Out of the Corporate Prison & Into The Entrepreneurial Straitjacket

Let’s imagine for a moment that you’re an extremely high potential corporate misfit, who harbors a BIG vision.

Perhaps you want to buy into an existing brand (as a licensee or franchisee) or to create and innovate an original idea.

In essence, you want to build a business that will act as a vehicle for your passion and purpose in the world and, as such, the closest definition or reality that currently exists for you in the world of business, would be that of an Entrepreneur.

As someone leaving the corporate space, what would you need to get prepared? Initial financial capital aside, you’ll likely need an extraordinarily diverse skill set just to be able to get off the ground and stay ahead of the curve. If it’s a license or franchise, then, at least in the beginning, you’ll likely find yourself doing the work of 4–5 people and learning about things like:

  • Accounting;
  • Tax;
  • CMS (which stands for Client Management Systems);
  • Sales processes;
  • Social Media; and
  • SEO

In the early days, it’s important to be prepared for the business to take up a huge proportion of your attention, as you seek to get your head around everything you need to learn. As you soon discover, even when the clock hits 5pm or 6pm, as an early stage entrepreneur, there is rarely a time when you can completely leave your work behind at the end of the day, at least until you can rest assured that it’s either at, or edging it’s way toward, self-sustainability.

And, as a heads up, you may also want to be prepared (especially if you’re not surrounded by other entrepreneurs in your close circles and networks) for that experience to be more than a little isolating. Very few non-entrepreneurs can begin to understand the responsibility that comes with trying to take an idea or a business from zero to fully functional.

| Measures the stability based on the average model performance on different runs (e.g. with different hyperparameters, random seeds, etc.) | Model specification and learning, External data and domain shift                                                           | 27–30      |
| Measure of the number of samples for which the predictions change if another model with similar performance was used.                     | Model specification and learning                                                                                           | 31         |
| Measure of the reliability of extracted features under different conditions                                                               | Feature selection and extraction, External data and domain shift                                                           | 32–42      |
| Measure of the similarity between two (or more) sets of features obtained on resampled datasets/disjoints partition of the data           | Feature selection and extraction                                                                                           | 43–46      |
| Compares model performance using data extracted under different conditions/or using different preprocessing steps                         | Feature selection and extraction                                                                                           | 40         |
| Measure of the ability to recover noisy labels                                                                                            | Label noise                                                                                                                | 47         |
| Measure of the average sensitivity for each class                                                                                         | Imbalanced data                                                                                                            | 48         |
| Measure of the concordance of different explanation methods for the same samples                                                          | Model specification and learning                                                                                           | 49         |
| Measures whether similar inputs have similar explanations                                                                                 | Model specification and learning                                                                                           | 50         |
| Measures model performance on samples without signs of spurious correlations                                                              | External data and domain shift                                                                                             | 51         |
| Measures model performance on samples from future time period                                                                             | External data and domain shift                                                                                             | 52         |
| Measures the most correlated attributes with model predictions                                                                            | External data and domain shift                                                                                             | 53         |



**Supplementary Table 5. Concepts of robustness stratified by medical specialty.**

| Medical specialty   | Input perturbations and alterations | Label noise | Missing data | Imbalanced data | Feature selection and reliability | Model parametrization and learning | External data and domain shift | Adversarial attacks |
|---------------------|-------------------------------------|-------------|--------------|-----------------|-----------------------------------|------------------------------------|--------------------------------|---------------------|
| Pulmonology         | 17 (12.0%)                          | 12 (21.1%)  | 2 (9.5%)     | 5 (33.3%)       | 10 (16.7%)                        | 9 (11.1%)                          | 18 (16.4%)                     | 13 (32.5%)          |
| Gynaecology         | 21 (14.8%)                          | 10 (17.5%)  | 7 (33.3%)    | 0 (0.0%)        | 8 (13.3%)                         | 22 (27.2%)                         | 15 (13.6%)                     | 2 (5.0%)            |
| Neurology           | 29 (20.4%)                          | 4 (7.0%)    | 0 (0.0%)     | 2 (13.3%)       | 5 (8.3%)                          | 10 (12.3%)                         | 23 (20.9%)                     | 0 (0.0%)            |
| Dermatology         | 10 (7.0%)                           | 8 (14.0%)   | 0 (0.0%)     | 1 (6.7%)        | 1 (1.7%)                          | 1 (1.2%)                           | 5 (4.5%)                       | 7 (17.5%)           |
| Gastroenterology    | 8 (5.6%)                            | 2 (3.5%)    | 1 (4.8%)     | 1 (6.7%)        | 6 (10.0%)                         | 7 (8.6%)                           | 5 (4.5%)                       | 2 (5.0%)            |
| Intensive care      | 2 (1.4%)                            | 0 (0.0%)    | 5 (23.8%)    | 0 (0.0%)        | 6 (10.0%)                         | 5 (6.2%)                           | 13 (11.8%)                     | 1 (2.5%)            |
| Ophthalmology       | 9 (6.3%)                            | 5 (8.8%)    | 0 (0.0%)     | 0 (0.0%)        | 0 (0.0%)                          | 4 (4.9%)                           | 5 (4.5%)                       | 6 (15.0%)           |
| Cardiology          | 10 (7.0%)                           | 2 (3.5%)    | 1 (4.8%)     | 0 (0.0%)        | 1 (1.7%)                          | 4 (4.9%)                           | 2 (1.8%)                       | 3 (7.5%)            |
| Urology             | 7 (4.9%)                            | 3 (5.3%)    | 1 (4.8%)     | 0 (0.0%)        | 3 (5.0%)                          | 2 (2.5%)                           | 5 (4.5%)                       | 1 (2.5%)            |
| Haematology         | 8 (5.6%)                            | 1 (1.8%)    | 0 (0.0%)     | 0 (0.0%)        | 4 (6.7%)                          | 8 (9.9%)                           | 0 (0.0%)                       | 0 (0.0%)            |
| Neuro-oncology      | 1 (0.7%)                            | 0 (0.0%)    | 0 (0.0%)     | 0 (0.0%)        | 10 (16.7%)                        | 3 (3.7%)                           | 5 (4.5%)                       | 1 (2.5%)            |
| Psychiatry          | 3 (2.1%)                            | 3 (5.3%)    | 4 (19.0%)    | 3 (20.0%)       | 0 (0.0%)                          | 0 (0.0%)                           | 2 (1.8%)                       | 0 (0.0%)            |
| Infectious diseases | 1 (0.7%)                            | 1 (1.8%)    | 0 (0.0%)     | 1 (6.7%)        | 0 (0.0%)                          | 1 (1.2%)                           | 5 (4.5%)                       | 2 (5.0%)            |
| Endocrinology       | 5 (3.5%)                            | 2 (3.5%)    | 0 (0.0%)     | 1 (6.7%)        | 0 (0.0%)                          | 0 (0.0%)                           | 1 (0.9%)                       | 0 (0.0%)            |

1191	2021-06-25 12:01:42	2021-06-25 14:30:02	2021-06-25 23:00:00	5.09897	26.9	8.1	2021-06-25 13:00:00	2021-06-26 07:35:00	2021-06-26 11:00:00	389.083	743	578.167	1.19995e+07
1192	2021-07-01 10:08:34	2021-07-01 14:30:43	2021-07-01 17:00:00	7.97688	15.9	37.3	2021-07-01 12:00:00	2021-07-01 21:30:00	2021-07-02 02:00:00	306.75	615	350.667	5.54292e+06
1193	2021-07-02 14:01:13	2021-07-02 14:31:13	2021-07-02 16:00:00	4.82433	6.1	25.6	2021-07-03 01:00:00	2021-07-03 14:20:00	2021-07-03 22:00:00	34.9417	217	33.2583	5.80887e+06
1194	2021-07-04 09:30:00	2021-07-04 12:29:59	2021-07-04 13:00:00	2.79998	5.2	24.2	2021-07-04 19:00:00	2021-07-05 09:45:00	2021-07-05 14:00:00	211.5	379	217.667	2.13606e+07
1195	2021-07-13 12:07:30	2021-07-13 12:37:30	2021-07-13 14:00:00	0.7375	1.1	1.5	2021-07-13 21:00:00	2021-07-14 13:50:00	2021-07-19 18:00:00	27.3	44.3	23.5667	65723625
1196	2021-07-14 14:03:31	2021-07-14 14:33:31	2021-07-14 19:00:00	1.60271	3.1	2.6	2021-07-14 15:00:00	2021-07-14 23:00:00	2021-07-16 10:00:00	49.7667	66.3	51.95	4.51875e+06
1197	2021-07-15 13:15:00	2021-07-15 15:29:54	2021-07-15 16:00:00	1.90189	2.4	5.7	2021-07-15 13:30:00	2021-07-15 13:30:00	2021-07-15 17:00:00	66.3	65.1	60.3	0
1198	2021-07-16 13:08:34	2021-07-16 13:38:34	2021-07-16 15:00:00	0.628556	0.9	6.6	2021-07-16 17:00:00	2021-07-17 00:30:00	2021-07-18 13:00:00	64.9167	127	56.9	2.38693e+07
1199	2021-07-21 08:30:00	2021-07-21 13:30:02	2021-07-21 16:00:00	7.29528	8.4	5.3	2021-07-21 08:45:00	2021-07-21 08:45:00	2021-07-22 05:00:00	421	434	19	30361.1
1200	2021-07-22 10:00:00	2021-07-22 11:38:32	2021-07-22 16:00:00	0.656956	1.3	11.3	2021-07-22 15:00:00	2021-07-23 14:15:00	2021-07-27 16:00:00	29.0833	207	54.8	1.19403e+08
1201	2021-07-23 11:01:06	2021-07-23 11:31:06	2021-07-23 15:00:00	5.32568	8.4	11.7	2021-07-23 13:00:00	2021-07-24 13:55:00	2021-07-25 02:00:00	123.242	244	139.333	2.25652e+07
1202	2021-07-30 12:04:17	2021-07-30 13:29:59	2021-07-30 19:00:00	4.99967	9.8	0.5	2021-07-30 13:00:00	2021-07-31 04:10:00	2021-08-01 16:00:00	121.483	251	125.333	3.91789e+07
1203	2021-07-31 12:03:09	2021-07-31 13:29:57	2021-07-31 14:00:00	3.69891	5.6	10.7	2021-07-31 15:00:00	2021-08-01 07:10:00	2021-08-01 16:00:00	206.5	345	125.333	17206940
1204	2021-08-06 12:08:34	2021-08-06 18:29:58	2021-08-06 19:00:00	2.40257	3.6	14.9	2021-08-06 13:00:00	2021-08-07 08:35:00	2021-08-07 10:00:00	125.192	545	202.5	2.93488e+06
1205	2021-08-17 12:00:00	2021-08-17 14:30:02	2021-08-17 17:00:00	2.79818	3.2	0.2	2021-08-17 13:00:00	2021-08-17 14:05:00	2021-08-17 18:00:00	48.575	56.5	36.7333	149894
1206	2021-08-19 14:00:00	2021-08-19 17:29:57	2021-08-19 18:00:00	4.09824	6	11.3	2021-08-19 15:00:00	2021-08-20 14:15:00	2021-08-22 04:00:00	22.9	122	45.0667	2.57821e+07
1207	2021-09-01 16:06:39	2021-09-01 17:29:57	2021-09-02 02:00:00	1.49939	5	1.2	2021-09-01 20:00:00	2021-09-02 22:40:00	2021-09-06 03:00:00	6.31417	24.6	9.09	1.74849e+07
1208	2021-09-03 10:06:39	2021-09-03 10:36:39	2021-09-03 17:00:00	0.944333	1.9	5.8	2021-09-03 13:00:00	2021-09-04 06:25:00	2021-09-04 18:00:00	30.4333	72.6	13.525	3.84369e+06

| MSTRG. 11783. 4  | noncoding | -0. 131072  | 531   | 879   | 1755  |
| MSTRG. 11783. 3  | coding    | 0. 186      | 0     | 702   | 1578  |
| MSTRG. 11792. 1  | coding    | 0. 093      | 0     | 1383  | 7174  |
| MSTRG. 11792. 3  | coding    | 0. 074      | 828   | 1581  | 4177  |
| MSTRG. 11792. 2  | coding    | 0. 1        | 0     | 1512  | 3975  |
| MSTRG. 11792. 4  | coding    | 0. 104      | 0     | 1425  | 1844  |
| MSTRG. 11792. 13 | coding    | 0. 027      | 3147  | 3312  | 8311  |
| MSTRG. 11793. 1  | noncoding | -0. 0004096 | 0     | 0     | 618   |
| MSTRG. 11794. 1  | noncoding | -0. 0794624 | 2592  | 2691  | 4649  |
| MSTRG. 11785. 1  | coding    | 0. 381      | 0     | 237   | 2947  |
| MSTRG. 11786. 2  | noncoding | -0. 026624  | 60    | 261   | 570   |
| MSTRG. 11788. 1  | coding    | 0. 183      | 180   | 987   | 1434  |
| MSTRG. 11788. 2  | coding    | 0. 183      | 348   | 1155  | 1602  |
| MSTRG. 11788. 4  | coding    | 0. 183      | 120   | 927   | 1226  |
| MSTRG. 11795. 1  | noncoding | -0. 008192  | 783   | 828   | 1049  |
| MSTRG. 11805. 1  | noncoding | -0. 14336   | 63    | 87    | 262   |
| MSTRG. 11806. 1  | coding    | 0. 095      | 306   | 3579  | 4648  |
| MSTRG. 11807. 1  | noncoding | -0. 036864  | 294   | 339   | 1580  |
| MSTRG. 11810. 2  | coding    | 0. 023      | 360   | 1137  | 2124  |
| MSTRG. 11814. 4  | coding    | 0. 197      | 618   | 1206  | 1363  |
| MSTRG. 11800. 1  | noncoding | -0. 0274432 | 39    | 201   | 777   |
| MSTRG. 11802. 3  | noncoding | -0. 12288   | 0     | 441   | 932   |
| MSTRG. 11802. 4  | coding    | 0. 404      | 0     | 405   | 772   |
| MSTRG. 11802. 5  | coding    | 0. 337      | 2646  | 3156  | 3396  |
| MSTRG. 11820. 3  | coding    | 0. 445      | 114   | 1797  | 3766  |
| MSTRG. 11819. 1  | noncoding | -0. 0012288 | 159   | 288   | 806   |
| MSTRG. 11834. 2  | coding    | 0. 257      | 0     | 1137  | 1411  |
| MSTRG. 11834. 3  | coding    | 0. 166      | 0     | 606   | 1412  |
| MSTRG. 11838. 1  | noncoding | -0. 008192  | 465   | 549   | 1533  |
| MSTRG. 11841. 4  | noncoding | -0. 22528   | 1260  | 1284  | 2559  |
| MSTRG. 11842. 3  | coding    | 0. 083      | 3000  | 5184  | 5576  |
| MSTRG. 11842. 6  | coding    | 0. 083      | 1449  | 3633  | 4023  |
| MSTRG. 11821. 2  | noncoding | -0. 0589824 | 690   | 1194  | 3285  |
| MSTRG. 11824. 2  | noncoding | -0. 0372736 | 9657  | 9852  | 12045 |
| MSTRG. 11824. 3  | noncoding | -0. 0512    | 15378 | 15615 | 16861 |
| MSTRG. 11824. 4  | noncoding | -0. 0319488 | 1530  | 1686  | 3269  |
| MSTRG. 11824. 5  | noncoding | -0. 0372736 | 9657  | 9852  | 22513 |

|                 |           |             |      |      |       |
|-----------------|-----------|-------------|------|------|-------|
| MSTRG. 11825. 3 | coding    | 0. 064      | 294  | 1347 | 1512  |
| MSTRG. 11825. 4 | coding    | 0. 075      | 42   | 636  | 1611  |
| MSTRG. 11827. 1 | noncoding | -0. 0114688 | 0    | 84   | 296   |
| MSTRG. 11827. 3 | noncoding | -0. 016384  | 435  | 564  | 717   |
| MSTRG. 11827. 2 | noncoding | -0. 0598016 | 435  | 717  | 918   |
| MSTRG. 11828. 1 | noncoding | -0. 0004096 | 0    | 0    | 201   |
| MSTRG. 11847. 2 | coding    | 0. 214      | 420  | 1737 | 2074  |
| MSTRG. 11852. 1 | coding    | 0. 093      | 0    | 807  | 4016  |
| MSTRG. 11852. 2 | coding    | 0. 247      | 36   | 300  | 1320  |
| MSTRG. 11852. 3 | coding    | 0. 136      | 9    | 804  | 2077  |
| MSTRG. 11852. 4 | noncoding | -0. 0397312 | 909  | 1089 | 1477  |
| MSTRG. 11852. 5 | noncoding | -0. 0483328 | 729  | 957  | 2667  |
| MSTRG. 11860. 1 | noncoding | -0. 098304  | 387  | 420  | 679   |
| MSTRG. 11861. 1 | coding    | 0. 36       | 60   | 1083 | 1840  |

It’s literally the equivalent of having a new-born child. It’s fragile, it’s delicate, it’s precious, it requires a lot of time, energy and attention and it’s inevitably going to be a very high priority in your life.

Now, let’s imagine that after the initial 6–12 months, you’ve built enough momentum to hire someone to support you. Then what?

The same way you would want to ensure that you get a good nanny for your child, one that you can trust with your baby, you naturally want the same thing for your business, especially if someone is going to be spending a lot of time with your baby.

So then you face the quintessential entrepreneurial recruitment challenge.

As a small but growing business owner, paying contractors or staff is a big financial commitment, especially in the earlier stages. Outsourcing is a huge gamble as you may be paying someone else the same or more than you’re paying yourself to help you with things that you can’t do or don’t want to do. And ultimately, you’re hoping that if you’re paying someone $30k+ that they can take a whole load of things off your hands that will allow you to at least earn an additional $60k+ to make it worthwhile.

The problem is, you rarely know if someone’s the right person for you, until you’ve spent 3, 6 or 12 months’ of paying their salary figuring that out.

And what if you’re someone who’s looking to start from scratch and to create a completely new idea? Then what?

Then among other things:

  • You’ll need to be able to articulate your idea;
  • Provide market research to show why other people want it;
  • Be able to demonstrate how it’s sufficiently different from anything else in the marketplace;
  • Have a decent number of people who are willing to pay for it, so that you can show how it will make money; and
  • Then you’ll need to write that all down in a business plan, well enough that it persuades other people to give you money to build it.